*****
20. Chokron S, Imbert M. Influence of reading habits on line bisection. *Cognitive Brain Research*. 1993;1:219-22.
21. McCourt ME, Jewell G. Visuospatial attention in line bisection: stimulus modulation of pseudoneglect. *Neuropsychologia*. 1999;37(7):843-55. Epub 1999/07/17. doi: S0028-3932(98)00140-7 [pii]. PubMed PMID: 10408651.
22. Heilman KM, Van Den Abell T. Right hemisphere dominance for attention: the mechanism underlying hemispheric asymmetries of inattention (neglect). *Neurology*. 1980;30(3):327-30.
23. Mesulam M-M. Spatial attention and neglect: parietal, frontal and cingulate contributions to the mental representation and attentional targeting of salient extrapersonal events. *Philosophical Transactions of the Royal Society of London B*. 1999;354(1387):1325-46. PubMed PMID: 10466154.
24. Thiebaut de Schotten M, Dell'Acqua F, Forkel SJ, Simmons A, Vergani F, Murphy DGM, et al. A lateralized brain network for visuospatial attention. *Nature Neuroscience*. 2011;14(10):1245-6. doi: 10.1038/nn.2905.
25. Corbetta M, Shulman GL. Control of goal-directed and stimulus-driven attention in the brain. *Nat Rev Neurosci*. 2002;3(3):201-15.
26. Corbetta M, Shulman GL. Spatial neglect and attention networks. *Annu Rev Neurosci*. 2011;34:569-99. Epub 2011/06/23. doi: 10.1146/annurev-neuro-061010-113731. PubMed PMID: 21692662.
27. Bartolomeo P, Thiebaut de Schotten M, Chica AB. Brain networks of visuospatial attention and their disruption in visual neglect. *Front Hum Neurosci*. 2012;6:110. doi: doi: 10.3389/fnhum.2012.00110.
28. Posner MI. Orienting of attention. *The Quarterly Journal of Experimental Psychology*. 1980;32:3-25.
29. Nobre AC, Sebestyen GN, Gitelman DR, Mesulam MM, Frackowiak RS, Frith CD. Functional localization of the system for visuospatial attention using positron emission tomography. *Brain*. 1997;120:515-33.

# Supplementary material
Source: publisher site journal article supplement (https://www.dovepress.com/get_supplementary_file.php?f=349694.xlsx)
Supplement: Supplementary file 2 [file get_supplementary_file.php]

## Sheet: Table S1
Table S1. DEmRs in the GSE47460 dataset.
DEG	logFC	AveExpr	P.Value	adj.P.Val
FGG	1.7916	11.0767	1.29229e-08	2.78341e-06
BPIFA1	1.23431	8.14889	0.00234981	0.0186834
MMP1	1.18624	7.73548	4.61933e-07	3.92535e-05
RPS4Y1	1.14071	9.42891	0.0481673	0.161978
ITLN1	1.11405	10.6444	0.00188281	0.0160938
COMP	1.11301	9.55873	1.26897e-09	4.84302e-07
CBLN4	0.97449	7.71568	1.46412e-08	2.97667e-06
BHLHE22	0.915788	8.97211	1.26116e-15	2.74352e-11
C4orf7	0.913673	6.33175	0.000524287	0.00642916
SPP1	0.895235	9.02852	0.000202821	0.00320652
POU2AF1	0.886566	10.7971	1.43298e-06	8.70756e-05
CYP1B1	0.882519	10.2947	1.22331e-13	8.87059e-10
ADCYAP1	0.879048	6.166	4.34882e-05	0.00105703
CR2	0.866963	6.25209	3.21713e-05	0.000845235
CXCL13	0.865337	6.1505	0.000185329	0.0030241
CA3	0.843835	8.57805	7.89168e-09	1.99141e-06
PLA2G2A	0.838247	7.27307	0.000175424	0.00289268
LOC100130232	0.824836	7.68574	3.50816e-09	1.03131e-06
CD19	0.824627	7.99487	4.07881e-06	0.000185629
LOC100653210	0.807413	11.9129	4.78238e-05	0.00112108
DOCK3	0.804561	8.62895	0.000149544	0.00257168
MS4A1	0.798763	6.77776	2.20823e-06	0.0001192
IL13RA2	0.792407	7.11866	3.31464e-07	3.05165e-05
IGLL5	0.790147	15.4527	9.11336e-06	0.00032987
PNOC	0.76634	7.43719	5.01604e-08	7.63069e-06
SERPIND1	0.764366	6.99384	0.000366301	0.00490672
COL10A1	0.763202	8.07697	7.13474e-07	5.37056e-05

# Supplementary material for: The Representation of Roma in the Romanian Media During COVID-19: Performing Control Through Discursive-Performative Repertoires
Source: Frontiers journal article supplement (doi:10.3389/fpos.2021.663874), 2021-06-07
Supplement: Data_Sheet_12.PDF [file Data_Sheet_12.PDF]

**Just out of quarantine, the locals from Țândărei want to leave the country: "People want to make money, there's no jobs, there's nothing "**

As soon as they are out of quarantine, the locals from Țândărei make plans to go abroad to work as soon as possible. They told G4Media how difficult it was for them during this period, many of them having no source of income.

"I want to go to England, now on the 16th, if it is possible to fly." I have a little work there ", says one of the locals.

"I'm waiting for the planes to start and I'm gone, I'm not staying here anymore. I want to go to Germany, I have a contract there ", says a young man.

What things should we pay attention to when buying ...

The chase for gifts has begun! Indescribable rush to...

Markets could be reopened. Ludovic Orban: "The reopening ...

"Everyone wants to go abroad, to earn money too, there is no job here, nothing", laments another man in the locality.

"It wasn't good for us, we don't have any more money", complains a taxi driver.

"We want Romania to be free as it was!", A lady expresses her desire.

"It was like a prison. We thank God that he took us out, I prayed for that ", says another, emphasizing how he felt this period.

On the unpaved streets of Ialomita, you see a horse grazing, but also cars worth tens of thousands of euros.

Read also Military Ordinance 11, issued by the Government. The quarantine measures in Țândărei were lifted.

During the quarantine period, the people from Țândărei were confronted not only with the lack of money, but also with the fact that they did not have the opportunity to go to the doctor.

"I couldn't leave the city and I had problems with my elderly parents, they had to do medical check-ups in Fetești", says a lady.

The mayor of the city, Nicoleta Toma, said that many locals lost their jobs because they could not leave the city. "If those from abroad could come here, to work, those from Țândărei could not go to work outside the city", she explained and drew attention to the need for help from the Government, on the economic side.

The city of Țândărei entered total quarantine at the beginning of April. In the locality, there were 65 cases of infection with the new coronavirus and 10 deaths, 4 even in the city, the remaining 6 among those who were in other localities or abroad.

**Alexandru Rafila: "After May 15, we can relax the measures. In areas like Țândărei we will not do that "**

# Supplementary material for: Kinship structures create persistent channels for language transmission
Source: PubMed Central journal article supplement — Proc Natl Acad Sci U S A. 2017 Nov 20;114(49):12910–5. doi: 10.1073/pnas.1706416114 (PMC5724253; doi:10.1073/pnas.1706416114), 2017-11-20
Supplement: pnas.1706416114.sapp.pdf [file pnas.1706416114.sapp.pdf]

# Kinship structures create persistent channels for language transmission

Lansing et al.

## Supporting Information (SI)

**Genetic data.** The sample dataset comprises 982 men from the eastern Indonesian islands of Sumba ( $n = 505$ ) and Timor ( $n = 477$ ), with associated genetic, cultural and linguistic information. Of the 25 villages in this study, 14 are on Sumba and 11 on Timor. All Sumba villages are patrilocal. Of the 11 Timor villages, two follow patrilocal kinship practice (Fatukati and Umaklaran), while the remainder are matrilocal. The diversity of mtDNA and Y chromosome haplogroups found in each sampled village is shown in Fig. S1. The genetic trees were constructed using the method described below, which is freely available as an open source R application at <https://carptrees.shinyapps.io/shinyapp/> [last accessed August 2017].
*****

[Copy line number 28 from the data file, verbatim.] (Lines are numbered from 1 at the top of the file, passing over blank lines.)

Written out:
CYP1B1	0.882519	10.2947	1.22331e-13	8.87059e-10